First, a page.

For more than 10 years, the federal government has operated a program in federal courts along the Southwest border targeting unauthorized border crossers for criminal prosecution. The program, known as Operation Streamline, has long been criticized for its group hearings—up to 75 people at once—that provide little or no due process to those processed through it.

Through Operation Streamline, which began in Del Rio, Texas in December 2005, Customs and Border Protection (CBP) worked with the Department of Justice (DOJ) to prosecute migrants for unauthorized entry, a misdemeanor punishable by up to six months in federal prison, and expanded prosecutions for re-entry, a felony punishable by up to 20 years in federal prison depending on the person’s prior criminal history.

Prior to 2005, removal for unauthorized entry was handled through a civil process. Now, after Operation Streamline, an unauthorized border crosser goes through the criminal process in one group court session—combining arraignment, detention hearing, guilty plea or trial, and sentencing hearing—and serves their jail sentence in the U.S., often at a privately-run facility. Once the person serves their sentence they enter removal proceedings and are deported. They are also subsequently barred from re-entering the U.S. for a minimum of 10 years or possibly permanently barred from returning.

The criminal prosecution of migrants has had a major impact on the federal court and prison systems, and at a significant cost. According to a recent book from Grassroots Leadership and Justice Strategies detailing the history of Operation Streamline, nearly 70,000 migrants—including those who may have had asylum claims—were criminally prosecuted at the border in fiscal year 2015. 49 percent of all federal prosecutions in fiscal year 2015 were for improper entry or re-entry. Moreover, the authors estimate that it has cost the U.S. more than $7 billion to incarcerate those convicted of unauthorized entry or re-entry since 2005, when Operation Streamline began.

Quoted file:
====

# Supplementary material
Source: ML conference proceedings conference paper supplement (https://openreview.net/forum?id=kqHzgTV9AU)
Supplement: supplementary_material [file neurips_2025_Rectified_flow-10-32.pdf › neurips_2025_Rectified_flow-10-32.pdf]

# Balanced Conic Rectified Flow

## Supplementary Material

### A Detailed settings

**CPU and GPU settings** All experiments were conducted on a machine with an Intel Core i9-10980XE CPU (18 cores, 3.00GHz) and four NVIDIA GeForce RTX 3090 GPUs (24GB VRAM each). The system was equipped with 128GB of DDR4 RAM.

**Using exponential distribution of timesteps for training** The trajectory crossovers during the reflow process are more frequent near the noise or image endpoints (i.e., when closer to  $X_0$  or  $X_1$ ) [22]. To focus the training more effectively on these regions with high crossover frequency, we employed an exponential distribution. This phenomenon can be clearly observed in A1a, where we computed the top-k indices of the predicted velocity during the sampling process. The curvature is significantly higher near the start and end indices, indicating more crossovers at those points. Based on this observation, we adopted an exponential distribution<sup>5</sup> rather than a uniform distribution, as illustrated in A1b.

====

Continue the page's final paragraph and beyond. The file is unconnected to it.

The book, Indefensible:  A Decade of Mass Incarceration of Migrants Prosecuted For Crossing the Border, includes interviews with more than 30 individuals working in the federal criminal justice system or who have been impacted by it. The research found, among other things, that “most of the judges and lawyers that participate in the process day in and day out” do not consider it effective. As one attorney interviewed said, “the entire process is so systematized and predetermined that it is extremely difficult to humanize those being prosecuted, take into account individual circumstances, or safeguard rights of migrants in or out of the courtroom.”

Indefensible also found no convincing evidence that Operation Streamline has achieved its stated goal of deterring migration. The authors cite research on sentencing policy in the U.S. and studies from the University of Arizona, which found that a migrant’s family ties were a far stronger influence on their behavior than the criminal court and/or deportation process they experienced in the U.S. and that incarceration is not a proven deterrent of migration.

Judges working in the courts at the border are also skeptical of the deterrence strategy. Judge Felix Recio, a retired magistrate judge in Brownsville, stated in an interview for Indefensible:

“These prosecutions have no deterrent effect whatsoever. People will just continue crossing. We share culture, religion, food, families, music. How are we going to stop that? How many tough policies have been implemented over the last 100 years?  Maybe they give people in the U.S. a sense of order, but they have no real impact. People are still coming every single day. I don’t know what these prosecutions have accomplished other than serving as a rationale for the growth of the government agencies.”

Indefensible is just the latest to highlight the deeply-rooted problems in Operation Streamline and the expansion of criminally prosecuting immigrants. The system has overwhelmed the federal courts and diverted government resources with little proof that it achieves its stated goals.

As Indefensible also states, “Hundreds of thousands of migrants are still prosecuted for an action which, before 2005, was typically handled as a civil violation. The power to end these wasteful, ineffective prosecutions lies in the hands of the U.S. Attorney General and the U.S. Attorneys in the border districts.”

Photo by Jonathan Cohen.